Been There Drank That

So lately I have been looking at my fridge and feeling a sense of been there done that with regards to my beer selection. I have tried the standards (classic ales, lagers and pilsners), sampled the varieties of styles (lambics, barley wines, IPA’s, ESB’s, white ales, sours, stouts, porters), branched out to the one-offs (chocolate mint, oyster stout, cookie beer), sipped the spectrum of brewing methods (trappist, casked, cellared, draft) and come full circle to my beer roots (ahh Belgian Beer) but as any serious beer lover needs to ask now and then I wondered now what? Well aptly enough the answer came from the very fridge, which was causing my ennui; I saw a lonely little Fruli hanging out with the remainder of my winter stouts and this got me thinking why not try mixing some beers together?

Heavy strong Brooklyn Chocolate Stout meet the sweet pink fruity Fruli. So how do these two beers interact? Well there is a reason chocolate dipped strawberries are the dessert gold standard. The light sweetness of the Fruli cuts the heaviness of the stout making this combination immensely drinkable. The bite of the high alcohol Brooklyn stout is nullified by
strawberry when you take a sip and, in fact, the kick of the stout does not hit you until well after you have finished an entire glass. The colour and clarity of the stout remain after mixing and the head is pretty much negated. These two beers really bring out the best in each other. I find the Fruli too sweet on its own lacking in beer taste if you will -bordering on a cooler- while the Brooklyn is almost too strong for me unless it is a particularly nippy winter’s day and I am cuddled up in front of a roaring fireplace with a good book. This combination really makes the stout a viable summer option.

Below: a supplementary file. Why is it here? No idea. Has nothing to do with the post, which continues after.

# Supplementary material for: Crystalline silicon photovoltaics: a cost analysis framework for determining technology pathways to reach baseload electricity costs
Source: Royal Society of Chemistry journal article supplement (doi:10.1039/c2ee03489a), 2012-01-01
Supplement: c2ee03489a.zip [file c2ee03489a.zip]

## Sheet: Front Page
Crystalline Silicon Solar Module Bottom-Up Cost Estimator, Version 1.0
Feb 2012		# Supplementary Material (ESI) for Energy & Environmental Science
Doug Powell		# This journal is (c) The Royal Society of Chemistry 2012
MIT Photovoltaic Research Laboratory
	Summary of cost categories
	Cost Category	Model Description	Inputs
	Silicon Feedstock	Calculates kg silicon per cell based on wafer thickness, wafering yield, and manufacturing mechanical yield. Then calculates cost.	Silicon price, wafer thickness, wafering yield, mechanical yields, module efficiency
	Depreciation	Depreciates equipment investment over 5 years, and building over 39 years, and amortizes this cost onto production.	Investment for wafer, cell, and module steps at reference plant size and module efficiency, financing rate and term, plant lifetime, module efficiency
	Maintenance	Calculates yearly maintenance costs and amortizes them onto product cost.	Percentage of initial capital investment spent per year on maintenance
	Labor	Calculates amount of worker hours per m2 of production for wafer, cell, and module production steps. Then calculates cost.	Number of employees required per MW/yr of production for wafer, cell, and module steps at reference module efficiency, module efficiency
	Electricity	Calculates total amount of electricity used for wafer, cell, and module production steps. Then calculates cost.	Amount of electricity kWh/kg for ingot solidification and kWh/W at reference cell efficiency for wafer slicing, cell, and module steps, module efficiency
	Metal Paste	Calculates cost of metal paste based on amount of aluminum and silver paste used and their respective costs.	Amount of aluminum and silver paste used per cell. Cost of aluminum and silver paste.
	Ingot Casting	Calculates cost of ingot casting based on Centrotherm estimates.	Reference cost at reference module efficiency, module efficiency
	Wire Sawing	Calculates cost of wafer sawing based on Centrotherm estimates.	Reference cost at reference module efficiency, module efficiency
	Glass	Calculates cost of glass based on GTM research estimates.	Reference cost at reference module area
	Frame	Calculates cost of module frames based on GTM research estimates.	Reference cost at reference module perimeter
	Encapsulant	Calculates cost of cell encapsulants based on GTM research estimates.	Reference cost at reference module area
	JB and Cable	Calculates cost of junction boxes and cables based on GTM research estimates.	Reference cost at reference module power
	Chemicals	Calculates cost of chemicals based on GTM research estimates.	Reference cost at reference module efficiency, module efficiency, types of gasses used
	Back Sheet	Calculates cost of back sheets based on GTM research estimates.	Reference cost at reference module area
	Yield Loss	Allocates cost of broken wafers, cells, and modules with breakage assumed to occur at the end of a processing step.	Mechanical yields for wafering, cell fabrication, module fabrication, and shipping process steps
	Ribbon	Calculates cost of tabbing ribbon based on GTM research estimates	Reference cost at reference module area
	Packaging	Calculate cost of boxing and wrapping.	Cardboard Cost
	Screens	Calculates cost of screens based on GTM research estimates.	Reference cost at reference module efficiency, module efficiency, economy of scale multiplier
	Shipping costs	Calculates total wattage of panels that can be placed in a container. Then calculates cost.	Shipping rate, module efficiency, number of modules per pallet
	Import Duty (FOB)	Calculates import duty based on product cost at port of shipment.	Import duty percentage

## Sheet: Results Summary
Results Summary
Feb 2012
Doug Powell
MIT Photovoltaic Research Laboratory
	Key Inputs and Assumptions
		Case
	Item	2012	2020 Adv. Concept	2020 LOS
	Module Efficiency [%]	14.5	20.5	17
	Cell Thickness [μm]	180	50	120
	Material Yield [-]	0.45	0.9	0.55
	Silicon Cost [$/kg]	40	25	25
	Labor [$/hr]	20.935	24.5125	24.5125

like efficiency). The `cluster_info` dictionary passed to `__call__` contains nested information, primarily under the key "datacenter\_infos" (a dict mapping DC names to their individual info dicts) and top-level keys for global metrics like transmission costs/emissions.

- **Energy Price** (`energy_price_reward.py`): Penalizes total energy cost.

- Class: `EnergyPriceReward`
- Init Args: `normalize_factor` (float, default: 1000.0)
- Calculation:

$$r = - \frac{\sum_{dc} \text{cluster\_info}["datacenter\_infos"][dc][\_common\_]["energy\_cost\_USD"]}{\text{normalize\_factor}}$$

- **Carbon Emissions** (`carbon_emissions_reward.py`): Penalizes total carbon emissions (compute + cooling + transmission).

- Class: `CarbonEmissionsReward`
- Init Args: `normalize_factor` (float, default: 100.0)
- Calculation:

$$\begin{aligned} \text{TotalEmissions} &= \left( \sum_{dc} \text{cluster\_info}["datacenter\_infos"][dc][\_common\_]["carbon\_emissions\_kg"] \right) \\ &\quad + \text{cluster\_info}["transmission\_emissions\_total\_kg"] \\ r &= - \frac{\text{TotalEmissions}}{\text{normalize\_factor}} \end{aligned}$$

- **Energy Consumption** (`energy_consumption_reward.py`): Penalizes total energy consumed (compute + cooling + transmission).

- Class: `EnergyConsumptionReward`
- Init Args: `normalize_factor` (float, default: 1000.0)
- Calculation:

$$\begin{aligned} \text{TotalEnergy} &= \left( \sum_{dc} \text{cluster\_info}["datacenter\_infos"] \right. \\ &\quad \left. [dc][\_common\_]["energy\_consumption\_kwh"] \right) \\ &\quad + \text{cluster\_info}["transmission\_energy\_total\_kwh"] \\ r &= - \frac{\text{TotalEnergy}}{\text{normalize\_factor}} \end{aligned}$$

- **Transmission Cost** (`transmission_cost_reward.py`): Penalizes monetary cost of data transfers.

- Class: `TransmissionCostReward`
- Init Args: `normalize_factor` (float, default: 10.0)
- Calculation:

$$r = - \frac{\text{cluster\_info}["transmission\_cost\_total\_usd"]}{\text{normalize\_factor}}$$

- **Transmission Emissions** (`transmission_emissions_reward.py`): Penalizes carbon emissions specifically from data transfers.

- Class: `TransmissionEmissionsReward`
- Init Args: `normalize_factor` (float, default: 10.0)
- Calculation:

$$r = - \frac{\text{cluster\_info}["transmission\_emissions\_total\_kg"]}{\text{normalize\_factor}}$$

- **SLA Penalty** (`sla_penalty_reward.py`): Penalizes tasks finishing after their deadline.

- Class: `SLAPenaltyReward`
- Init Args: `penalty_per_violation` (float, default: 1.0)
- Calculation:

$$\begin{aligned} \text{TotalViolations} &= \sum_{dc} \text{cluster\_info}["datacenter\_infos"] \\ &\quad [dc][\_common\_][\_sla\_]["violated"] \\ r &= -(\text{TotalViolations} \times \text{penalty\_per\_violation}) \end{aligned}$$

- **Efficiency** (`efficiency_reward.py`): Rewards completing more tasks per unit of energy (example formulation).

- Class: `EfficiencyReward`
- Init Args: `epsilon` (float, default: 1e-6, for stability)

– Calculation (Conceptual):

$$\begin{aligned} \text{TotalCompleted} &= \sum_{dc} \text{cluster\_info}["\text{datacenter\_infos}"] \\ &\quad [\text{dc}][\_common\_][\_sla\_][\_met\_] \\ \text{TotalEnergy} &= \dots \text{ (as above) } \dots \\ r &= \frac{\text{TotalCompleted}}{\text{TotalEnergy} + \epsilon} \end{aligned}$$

Overall I would give my new creation (Bruli? Frooklyn?) a 4.5 out of 5


Brooklyn, Brooklyn take me home…

Brooklyn Brewery’s Sorachi  Ace is a Saison or farmhouse ale. According to the Brooklyn Brewery website, the Sorachi Ace variety of hop was developed in Japan in 1988 and this unique hop has a distinctive lemony character. While the big brewers opted to by-pass this little fella Brooklyn sourced the now rare Sorachi, which is grown on a single farm in Oregon. Sorachi Ace comes in the big, perfect for sharing, 750ml bottles and has a 7.5% ABV. The beer pours straw gold in colour, is hazy in the glass and has a lingering creamy head that must be sampled to reach the ale below. This Saison is a bit unique due to a strong hop presence that cuts through the familiar ‘barnyard’ or earthy aroma typical of the style. The malt has an amazing sweet quality that balances the other elements perfectly giving the ale an almost sticky mouthfeel. But at the same time there is a real carbonation to this farmhand ale that keeps it crisp and dry to drink. Sorachi Ace pairs extremely well with a wide variety of foods and it might just become a go-to summer beer.

Overall I would give Sorachi Ace a 4.5 out of 5


Barley Wine is the New Black

Craft beer seems to be following an interesting path lately in that new or re-discovered styles of beer become ‘trendy’. Once one of these ‘new’ beers hits the shelves all of a sudden every microbrewer is making a version to call their own –some recent examples include pumpkin ales, coffee stouts, fruit beers, white or wheat beers etc.